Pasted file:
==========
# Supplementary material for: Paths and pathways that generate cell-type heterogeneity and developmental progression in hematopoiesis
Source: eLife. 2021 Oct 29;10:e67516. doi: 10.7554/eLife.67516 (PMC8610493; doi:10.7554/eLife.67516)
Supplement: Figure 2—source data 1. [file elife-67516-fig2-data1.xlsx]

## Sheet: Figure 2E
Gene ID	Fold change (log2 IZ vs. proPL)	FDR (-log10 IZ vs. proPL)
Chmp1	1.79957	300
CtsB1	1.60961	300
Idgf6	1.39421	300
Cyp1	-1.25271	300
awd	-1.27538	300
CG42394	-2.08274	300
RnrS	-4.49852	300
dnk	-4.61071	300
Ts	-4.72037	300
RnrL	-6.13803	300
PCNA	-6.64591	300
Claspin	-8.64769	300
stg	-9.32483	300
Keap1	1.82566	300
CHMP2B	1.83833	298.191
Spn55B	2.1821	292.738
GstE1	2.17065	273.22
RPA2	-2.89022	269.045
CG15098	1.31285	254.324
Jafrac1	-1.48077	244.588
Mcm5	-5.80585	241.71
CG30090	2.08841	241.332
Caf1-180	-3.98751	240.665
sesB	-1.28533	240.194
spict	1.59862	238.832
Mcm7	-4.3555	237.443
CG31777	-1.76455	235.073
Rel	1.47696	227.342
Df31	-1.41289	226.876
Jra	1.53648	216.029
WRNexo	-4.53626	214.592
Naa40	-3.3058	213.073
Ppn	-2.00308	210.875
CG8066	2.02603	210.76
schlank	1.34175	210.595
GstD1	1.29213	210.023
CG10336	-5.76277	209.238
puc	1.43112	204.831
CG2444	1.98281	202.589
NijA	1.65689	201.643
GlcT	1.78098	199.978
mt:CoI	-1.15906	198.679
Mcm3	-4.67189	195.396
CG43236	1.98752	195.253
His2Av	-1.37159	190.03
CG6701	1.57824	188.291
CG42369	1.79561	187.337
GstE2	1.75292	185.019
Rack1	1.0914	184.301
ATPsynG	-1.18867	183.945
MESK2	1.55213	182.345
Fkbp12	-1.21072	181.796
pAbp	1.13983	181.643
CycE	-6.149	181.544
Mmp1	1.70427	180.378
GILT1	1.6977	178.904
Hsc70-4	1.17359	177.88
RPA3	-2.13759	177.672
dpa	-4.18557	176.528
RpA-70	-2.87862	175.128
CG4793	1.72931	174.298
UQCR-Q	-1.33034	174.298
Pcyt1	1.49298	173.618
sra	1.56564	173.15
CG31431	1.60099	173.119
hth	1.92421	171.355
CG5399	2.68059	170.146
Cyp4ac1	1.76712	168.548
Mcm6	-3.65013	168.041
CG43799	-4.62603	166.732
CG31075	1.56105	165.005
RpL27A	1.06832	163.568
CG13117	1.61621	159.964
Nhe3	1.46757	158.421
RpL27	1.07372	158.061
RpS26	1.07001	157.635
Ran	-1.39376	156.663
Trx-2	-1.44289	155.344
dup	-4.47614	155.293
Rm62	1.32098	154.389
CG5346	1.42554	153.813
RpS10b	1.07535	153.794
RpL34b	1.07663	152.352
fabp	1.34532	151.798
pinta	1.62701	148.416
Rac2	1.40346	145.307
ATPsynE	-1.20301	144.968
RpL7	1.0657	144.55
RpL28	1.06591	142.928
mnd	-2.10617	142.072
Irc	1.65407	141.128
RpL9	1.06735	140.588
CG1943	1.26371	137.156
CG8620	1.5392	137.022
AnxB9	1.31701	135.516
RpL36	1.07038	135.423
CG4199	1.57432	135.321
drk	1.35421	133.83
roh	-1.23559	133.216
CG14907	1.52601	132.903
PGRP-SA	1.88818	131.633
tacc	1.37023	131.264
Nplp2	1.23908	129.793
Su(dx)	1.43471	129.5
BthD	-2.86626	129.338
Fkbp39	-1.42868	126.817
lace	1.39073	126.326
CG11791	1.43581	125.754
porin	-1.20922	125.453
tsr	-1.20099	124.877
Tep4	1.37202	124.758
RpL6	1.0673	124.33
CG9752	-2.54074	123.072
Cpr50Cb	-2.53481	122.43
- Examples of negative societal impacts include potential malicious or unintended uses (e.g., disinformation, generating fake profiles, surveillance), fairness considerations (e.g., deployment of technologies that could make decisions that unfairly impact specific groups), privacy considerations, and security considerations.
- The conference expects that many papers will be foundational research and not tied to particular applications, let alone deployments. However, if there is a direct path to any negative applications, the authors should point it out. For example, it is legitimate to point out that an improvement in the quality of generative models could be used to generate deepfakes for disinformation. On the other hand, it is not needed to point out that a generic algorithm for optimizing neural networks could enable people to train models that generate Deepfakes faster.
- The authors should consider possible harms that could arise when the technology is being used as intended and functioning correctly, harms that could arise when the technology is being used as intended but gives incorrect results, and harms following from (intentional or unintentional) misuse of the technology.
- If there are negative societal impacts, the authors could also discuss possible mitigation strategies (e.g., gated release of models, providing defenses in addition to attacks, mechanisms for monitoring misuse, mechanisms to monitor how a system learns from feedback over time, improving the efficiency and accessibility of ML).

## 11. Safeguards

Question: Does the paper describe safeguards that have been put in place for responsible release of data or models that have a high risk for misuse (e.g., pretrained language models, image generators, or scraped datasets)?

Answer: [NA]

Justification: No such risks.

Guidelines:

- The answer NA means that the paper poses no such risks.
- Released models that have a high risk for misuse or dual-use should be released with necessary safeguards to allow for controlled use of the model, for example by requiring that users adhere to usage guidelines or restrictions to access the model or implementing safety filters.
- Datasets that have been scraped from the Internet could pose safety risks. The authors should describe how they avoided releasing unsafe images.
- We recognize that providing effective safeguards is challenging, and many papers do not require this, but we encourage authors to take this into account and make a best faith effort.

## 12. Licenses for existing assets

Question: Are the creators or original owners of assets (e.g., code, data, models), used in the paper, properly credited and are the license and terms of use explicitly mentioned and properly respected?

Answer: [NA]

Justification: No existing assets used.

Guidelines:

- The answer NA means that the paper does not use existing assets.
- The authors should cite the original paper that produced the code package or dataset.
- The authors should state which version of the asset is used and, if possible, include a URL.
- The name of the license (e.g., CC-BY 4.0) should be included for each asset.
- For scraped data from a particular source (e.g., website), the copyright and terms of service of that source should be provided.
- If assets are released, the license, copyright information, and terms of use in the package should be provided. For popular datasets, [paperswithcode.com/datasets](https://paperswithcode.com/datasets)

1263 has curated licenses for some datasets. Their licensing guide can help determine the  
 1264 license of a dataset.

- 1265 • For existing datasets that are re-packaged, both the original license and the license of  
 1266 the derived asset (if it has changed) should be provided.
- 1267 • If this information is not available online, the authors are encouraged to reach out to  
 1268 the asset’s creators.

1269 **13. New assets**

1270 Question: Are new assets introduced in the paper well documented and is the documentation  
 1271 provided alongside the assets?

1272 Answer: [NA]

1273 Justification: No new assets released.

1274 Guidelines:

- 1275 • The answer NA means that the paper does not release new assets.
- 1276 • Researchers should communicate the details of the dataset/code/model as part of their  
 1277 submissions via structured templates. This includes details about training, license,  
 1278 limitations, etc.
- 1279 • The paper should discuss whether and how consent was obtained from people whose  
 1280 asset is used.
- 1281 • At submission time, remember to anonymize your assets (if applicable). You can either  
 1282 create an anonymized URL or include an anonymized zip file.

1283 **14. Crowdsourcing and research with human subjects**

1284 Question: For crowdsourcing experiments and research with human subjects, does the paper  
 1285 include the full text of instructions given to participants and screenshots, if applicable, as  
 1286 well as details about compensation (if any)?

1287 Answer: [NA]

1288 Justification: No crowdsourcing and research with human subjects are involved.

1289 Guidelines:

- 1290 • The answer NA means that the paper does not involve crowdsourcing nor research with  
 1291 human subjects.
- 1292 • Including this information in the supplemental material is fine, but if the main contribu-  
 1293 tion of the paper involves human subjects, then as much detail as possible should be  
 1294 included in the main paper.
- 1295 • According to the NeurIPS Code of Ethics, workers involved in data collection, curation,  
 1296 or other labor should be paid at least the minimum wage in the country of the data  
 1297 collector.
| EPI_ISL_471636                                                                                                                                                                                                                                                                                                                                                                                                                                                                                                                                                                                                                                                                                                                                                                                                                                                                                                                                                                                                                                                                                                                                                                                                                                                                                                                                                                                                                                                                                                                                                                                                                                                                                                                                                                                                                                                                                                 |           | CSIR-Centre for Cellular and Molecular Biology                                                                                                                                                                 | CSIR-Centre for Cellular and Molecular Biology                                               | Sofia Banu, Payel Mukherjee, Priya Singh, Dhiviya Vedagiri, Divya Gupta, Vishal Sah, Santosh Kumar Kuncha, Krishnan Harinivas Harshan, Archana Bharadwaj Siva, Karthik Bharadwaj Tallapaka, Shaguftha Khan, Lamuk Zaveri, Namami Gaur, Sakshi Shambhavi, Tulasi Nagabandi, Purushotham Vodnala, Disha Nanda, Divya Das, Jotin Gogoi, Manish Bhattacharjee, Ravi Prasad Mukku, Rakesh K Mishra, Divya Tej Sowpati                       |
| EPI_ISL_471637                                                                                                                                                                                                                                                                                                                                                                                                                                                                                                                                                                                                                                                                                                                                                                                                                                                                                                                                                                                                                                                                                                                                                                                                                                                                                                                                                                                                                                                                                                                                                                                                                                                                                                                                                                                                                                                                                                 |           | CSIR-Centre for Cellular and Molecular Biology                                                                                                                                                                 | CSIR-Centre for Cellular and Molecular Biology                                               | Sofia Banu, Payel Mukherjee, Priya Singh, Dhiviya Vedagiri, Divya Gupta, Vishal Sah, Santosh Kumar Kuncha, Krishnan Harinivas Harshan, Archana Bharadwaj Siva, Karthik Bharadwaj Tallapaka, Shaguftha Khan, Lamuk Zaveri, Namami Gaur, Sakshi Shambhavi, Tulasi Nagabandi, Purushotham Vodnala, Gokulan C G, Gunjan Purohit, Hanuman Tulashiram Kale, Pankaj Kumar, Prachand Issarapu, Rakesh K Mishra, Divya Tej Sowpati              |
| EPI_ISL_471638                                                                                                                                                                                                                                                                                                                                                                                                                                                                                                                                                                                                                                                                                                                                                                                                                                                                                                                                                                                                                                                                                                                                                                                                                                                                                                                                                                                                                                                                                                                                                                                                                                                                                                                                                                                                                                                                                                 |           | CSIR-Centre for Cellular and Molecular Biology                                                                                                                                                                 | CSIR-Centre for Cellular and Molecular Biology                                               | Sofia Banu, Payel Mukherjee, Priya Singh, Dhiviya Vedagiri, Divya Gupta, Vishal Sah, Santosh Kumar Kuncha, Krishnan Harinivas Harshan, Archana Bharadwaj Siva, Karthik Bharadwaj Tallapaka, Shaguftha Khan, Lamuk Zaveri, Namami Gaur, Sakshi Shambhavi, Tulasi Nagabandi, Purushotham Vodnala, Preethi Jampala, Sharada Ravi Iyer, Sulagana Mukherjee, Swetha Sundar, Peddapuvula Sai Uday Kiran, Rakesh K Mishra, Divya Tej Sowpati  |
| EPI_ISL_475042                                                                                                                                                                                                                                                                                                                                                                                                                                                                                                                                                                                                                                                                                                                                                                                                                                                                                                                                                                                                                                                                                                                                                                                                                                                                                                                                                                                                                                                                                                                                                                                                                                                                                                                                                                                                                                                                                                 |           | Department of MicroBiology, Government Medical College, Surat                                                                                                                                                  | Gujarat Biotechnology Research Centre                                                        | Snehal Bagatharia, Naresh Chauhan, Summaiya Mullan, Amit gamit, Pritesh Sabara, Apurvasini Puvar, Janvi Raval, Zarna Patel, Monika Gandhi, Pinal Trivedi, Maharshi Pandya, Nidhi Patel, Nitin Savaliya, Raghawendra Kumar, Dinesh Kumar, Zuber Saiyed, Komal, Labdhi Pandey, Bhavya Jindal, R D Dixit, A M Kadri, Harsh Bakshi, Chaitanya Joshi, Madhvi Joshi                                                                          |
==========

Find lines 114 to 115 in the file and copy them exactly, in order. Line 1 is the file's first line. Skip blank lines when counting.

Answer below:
porin	-1.20922	125.453
tsr	-1.20099	124.877